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Properties

note

Properties are often shortened as "Props".

Properties are essentially component arguments that Yew can keep watch on.

A type has to implement the Properties trait before it can be used as the properties of a component.

Reactivity

Yew checks if props have changed when reconciling the vdom during rerendering, to know if nested components needs to be rerendered. This way Yew can be considered a very reactive framework as changes from the parent will always be propagated downwards and the view will never be out of sync from the data coming from props/state.

tip

If you have not yet completed the tutorial, try it out and test this reactivity yourself!

Derive macro

Yew provides a derive macro to easily implement the Properties trait on structs.

Types for which you derive Properties must also implement PartialEq so Yew can do data comparison.

use yew::Properties;

#[derive(Properties, PartialEq)]
pub struct Props {
pub is_loading: bool,
}

Use in function components

The attribute #[function_component] allows to optionally receive Props in the function arguments. To supply them, they are assigned via attributes in the html! macro.

use yew::{function_component, html, Html, Properties};

#[derive(Properties, PartialEq)]
pub struct Props {
pub is_loading: bool,
}

#[function_component]
fn HelloWorld(props: &Props) -> Html {
html! { <>{"Am I loading? - "}{props.is_loading.clone()}</> }
}

// Then supply the prop
#[function_component]
fn App() -> Html {
html! {<HelloWorld is_loading={true} />}
}

Derive macro field attributes

When deriving Properties all fields are required by default. The following attributes allow you to give your props default values which will be used when parent has not set them.

tip

Attributes aren't visible in Rustdoc generated documentation. The doc strings of your properties should mention whether a prop is optional and if it has a special default value.

Initialize the prop value with the default value of the field's type using the Default trait.

use yew::{function_component, html, Html, Properties};

#[derive(Properties, PartialEq)]
pub struct Props {
#[prop_or_default]
pub is_loading: bool,
}

#[function_component]
fn HelloWorld(props: &Props) -> Html {
if props.is_loading.clone() {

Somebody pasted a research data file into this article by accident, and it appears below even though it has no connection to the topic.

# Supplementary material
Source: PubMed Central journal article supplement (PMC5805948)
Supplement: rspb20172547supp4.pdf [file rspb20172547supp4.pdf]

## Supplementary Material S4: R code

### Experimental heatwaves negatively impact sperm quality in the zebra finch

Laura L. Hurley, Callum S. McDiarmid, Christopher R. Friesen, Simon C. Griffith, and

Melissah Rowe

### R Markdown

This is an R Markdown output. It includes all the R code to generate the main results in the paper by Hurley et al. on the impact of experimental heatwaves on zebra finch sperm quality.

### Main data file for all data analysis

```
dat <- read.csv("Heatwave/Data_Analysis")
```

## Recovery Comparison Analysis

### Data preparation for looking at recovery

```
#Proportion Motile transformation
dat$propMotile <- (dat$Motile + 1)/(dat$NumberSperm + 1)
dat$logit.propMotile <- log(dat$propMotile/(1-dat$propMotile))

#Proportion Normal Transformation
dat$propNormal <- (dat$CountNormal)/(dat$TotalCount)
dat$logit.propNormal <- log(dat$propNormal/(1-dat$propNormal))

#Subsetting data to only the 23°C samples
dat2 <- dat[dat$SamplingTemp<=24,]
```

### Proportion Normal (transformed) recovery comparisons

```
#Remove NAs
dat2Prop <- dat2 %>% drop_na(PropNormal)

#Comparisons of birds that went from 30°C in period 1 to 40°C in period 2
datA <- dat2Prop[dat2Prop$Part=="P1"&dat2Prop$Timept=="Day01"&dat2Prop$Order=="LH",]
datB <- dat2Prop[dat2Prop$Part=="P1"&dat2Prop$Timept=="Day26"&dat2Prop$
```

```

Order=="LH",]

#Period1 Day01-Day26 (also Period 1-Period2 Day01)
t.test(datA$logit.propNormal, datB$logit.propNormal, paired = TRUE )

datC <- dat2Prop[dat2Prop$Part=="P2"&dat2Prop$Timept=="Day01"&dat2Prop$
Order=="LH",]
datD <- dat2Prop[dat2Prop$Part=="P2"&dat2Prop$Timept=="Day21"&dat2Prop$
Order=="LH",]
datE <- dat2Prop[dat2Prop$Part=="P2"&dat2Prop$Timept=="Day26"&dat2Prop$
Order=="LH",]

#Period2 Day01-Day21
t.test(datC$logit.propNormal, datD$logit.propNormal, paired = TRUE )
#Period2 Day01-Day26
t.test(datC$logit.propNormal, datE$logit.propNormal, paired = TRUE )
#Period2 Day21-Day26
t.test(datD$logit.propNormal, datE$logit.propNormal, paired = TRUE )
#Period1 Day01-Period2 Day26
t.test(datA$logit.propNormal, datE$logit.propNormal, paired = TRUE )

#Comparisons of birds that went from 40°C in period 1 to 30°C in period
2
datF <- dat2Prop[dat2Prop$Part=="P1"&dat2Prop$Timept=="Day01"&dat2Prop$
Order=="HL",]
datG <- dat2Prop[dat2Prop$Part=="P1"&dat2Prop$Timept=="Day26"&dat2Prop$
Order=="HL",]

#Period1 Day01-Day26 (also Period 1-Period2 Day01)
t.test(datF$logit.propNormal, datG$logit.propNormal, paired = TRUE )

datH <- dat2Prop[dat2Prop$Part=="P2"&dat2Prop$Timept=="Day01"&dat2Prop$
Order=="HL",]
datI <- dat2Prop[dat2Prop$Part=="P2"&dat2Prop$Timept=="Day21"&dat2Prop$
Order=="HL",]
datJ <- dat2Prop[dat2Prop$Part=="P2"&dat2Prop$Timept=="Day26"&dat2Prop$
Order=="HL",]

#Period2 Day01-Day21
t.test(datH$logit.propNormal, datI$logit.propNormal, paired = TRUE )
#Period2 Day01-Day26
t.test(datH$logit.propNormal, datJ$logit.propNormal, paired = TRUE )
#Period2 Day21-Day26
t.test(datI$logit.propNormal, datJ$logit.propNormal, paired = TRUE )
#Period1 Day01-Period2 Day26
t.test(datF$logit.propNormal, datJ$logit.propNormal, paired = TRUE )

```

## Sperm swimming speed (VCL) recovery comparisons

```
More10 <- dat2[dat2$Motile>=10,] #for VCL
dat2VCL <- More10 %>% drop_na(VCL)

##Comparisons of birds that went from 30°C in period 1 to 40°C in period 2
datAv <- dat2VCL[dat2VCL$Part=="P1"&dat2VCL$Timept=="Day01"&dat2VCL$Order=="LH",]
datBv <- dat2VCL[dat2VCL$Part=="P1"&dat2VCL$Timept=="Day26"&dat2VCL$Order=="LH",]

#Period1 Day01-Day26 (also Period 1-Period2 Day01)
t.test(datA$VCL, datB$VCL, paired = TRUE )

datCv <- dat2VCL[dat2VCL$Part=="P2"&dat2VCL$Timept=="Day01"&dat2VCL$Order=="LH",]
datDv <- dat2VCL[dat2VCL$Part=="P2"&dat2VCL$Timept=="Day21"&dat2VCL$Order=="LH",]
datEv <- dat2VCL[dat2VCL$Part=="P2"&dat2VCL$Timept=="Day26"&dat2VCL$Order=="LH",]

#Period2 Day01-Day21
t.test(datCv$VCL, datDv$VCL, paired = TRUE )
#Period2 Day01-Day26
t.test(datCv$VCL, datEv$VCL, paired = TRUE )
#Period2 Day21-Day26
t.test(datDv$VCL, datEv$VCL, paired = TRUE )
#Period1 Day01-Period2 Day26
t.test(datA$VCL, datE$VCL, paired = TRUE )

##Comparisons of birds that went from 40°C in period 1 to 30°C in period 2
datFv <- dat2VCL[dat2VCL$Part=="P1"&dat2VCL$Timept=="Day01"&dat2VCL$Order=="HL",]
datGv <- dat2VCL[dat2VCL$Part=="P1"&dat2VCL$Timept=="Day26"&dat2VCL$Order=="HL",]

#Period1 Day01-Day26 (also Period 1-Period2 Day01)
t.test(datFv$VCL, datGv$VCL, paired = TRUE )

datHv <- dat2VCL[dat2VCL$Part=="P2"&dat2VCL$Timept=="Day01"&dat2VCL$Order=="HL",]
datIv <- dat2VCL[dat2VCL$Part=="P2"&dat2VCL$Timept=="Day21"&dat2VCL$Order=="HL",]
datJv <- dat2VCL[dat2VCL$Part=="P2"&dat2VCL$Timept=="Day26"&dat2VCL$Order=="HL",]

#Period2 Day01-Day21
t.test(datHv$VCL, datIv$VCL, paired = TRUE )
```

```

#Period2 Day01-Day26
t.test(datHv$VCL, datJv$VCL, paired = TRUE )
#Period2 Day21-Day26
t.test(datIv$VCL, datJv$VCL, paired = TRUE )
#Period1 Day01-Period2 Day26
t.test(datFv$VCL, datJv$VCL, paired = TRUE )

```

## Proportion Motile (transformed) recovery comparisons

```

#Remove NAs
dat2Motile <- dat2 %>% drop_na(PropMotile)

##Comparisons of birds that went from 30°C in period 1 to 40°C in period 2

html! { "Loading" }
} else {
html! { "Hello world" }
}
}

// Then use like this with default
#[function_component]
fn Case1() -> Html {
html! {<HelloWorld />}
}
// Or no override the default
#[function_component]
fn Case2() -> Html {
html! {<HelloWorld is_loading={true} />}
}

Memory/speed overhead of using Properties

Internally properties are reference counted. This means that only a shared pointer is passed down the component tree for props. It saves us from the cost of having to clone the entire props, which might be expensive.

tip

Make use of AttrValue which is our custom type for attribute values instead of defining them as String or another similar type.

Props macro

The yew::props! macro allows you to build properties the same way the html! macro does it.

The macro uses the same syntax as a struct expression except that you can't use attributes or a base expression (Foo { ..base }). The type path can either point to the props directly (path::to::Props) or the associated properties of a component (MyComp::Properties).

use yew::{function_component, html, Html, Properties, props, virtual_dom::AttrValue};

#[derive(Properties, PartialEq)]
pub struct Props {
#[prop_or(AttrValue::from("Bob"))]
pub name: AttrValue,
}

#[function_component]
fn HelloWorld(props: &Props) -> Html {
html! {<>{"Hello world"}{props.name.clone()}</>}
}

#[function_component]
fn App() -> Html {
let pre_made_props = props! {
Props {} // Notice we did not need to specify name prop
};
html! {<HelloWorld ..pre_made_props />}
}

Anti Patterns

While almost any Rust type can be passed as properties, there are some anti-patterns that should be avoided. These include, but are not limited to:

  1. Using String type instead of AttrValue.
    Why is this bad? String can be expensive to clone. Cloning is often needed when the prop value is used with hooks and callbacks. AttrValue is either a reference-counted string (Rc<str>) or a &'static str, thus very cheap to clone.
    Note: AttrValue internally is IString from implicit-clone See that crate to learn more.
  2. Using interior mutability.
    Why is this bad? Interior mutability (such as with RefCell, Mutex, etc.) should generally be avoided. It can cause problems with re-renders (Yew doesn't know when state has changed) so you may have to manually force a render. Like all things, it has its place. Use it with caution.
  3. You tell us. Did you run into an edge-case you wish you knew about earlier? Feel free to create an issue or PR a fix to this documentation.